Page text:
Guy Windsor: And so is MKDF Maryland Kunst des Fechtens?


Gretchen Settle: Yes, right. Yeah, that's my club.


Guy Windsor: Yeah. So you're doing mostly longsword?


Gretchen Settle: Mostly longsword, yes. So I've done ringen. Actually, I am probably a little bit better at ringen than longsword, strangely enough. I was able to, at the last Longpoint ever. I mean, hopefully not, I was able to place third in the featherweights for ringen. So yeah. I was excited. I was like, yes, finally have I found something. And then on my own have been looking a lot at Rossfechten because I mentioned previously I'm into horseback riding and, you know, never the time, never the money, but I spent about oh eight, eight, maybe more, years of my life as a stable hand growing up. And I worked on a farm and it's just another way to layer all of those interests together.


Guy Windsor: Okay. So when it comes to mounted combat, the people I know who do mounted combat, none of them are in your area.


Gretchen Settle: No, there's no one. It’s just me holding a candle. So I have attended one lecture type of riding. They had like a four day event in Pennsylvania. So I attended that, and that was great. But that was really fun. And I remember I was just I was plopped on a one eyed quarter horse, which was delightful and supremely unfair because everyone else had gaited horses.


Guy Windsor: For the benefit of the people who don't know much about horses who may be listening, what's the difference between a quarter horse and a gaited horse?


Gretchen Settle: Okay, so a quarter horse is just a breed of horse, a very popular breed of horse. They're kind of like the golden retrievers of horses. They're very beginner friendly. They're very willing to work. And they have your standard gaits. Walk, trot, canter. And a lot of people find trotting to be very jiggly.


Guy Windsor: Can I just say, trotting for a bloke is a testicle crushing experience.


Gretchen Settle: Yes, unless you're posting properly. Right?


Guy Windsor: But even if you're doing it properly. I was learning to ride many, many, many moons ago. I was being taught by my girlfriend and my girlfriend's mum and I was being taught on a Grand Prix level dressage horse. So there was nothing wrong with the horse, but that horse had the least comfortable trot in the world.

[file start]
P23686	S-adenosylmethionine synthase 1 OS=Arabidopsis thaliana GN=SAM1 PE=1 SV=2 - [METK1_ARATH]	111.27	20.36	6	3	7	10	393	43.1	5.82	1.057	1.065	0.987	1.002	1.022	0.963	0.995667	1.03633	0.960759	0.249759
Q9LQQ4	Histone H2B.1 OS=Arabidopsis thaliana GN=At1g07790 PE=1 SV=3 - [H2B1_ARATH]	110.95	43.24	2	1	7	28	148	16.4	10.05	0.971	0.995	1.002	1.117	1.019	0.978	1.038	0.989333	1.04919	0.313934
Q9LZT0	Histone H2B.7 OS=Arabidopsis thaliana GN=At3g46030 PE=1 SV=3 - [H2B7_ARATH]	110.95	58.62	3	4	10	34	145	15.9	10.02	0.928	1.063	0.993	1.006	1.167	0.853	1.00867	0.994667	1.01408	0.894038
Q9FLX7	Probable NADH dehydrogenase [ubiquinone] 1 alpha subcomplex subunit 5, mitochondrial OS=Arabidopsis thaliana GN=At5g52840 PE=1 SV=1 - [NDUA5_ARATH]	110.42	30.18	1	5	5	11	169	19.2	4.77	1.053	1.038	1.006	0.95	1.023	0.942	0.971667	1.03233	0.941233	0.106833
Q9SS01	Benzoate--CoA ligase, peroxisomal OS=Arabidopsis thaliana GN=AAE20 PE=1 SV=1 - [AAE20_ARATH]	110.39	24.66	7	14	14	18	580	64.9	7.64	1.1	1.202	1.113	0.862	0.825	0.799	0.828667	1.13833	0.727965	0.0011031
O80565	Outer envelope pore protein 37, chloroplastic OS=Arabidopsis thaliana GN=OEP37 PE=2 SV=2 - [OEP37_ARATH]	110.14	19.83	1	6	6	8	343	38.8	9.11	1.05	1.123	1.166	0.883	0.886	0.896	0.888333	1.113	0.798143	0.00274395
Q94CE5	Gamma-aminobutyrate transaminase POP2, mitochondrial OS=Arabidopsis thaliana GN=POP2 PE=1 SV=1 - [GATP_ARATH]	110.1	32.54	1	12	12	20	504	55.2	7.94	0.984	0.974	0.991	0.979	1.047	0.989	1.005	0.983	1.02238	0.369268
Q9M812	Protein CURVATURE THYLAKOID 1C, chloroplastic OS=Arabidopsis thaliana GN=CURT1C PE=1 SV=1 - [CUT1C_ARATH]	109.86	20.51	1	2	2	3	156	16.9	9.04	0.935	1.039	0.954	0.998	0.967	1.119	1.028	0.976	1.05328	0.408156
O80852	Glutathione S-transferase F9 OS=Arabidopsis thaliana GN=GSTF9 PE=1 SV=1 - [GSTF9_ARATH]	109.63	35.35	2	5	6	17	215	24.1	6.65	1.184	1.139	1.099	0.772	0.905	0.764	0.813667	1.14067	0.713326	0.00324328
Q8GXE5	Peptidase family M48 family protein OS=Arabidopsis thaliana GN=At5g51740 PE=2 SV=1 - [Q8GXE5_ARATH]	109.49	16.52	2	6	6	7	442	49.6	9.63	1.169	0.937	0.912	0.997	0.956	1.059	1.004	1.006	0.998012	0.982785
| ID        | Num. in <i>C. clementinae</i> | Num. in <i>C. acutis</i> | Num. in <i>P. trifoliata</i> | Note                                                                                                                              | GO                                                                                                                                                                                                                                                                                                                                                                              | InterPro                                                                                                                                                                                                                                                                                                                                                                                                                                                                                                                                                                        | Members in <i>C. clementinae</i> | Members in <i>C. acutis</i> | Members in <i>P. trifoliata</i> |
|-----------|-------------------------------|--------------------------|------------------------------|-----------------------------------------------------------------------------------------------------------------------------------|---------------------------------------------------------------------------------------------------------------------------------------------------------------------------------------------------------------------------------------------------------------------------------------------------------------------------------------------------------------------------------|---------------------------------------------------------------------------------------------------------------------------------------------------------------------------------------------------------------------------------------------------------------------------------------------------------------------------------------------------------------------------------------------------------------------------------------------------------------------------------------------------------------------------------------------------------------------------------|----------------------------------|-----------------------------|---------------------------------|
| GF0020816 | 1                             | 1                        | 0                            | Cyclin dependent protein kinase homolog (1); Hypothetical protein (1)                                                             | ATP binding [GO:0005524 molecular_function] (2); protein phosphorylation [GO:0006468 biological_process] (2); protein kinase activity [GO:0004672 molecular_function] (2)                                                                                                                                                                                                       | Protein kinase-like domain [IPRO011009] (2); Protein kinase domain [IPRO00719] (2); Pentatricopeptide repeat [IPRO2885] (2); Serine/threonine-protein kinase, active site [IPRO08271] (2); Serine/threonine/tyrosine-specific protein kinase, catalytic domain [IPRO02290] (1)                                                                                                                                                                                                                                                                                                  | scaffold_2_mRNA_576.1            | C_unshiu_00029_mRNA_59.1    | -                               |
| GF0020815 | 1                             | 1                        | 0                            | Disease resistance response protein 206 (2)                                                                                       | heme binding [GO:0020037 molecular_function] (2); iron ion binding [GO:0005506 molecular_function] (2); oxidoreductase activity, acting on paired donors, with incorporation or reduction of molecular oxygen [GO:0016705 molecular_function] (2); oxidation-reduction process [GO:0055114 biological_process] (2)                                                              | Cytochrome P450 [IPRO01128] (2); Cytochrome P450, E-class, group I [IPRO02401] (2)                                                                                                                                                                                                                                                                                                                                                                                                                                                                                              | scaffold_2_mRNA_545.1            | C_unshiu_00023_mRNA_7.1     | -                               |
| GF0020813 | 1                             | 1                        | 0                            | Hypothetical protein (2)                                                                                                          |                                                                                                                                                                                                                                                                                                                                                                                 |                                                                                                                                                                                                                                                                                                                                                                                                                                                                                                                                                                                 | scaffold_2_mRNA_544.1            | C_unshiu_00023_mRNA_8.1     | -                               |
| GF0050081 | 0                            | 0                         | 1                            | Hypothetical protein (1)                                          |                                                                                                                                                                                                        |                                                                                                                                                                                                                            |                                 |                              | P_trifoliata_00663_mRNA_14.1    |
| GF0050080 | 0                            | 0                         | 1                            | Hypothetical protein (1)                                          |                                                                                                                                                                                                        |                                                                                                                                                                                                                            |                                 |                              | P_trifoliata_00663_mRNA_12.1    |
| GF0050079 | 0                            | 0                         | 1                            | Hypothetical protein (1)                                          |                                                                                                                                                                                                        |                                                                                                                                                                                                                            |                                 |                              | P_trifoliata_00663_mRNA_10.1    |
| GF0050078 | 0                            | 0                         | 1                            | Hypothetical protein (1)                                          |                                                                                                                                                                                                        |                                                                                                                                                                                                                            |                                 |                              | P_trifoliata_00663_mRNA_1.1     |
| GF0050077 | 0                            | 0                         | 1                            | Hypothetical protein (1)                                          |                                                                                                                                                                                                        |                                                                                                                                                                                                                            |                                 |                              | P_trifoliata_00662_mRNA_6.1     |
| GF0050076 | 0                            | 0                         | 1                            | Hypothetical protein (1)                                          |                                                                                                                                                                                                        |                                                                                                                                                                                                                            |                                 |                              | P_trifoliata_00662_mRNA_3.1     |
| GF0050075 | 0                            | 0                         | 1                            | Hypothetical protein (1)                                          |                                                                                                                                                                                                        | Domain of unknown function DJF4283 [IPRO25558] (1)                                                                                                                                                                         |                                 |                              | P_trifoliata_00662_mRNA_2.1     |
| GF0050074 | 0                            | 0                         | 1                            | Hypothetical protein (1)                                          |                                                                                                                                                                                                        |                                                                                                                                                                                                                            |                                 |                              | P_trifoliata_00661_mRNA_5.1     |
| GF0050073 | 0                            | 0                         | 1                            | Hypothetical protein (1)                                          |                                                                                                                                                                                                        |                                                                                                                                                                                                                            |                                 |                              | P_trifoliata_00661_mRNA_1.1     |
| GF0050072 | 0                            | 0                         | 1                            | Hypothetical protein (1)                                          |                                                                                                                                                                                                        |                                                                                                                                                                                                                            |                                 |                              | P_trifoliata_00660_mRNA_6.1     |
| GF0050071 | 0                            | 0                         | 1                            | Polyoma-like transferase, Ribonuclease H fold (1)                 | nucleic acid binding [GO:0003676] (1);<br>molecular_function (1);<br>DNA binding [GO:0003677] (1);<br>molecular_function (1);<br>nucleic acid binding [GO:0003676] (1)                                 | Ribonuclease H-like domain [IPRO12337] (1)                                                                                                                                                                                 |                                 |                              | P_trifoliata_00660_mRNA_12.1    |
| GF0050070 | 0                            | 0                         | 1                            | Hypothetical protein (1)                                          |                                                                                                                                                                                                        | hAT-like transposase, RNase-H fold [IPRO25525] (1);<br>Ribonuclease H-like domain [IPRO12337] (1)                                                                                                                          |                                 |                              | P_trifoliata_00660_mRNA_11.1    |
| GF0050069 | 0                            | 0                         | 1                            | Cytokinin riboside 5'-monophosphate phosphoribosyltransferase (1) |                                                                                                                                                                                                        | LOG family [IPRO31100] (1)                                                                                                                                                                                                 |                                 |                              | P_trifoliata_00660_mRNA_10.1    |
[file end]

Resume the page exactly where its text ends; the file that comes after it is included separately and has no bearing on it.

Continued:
Gretchen Settle: That depends on breeding, that depends on the breed of course, if they're gaited or ungaited.


Guy Windsor: And I was doing, I was doing what you call a posting trot where you rise up and sit down, rise up, sit down. And I was doing it correctly, and every now and then I would sit on my nuts to no good effect.


Gretchen Settle: Well, there are several types of posting. They should have switched it up on you.


Guy Windsor: We went and we found a male instructor because of course the ladies couldn’t advise because they’d never experienced this. So we went and found a male instructor who had a look and he was like, okay, yes, it happens. And after a while it just stops happening. You're not doing anything wrong. You just have to get through it. So I was like, okay. And eventually I did. And now I don't sit on my nuts anymore when I do what we call a rising trot on this side of the pond.


Gretchen Settle: Yeah.


Guy Windsor: But yeah, sorry, you were saying say the difference in a quarter horse. A quarter horse has the standard walk, trot, canter and gallop.


Gretchen Settle: Okay. It's much more jiggly and then the gaited horses and they specifically had Tennessee Walkers, so they have different gaits instead of the trot per se. And the biggest difference is it's how their feet are landing and that beat that's being made. And it just creates, you know, to try to keep it simple. It just creates a difference in the amount of bounce that you're going to have on that horse. So something like a you know, we have the Tennessee Walkers, but I think the biggest example I try to give people of like the gated horse is the Paso Fino. And if you look up online, you'll see tons of gifs and video of this because their little legs are going very, very quickly, boop, boop, boop, boop.


Guy Windsor: They’re flapping from side to side.


Gretchen Settle: Yeah. And then the back of the horse though is very, very steady. Because they were bred for comfort, for pleasure, for nobility. And so yes, everyone else had Tennessee Walkers. And because I knew how to post and we were there a little bit later, so they were like, who has the most horse experience. And I got the one eyed quarter horse, which was great. He was fantastic and wonderful. And his name was Chance. I can't remember the name of the actual event, but I remember the name of the horse. But yeah, it was a fantastic time. And so I decided to come back and to ask the barn that I had worked at if I could, as uncrazily as I could sound, if I could bring swords with me to my lessons. Because I grew up riding. But I grew up riding Western and I grew up in Louisiana. You know, rodeo and stuff is big. And my grandparents had horses and they just put us on the horse. And now you ride a horse, right? There's no instruction. And then we moved to Maryland, which does have an equestrian scene, but it's not the most accessible.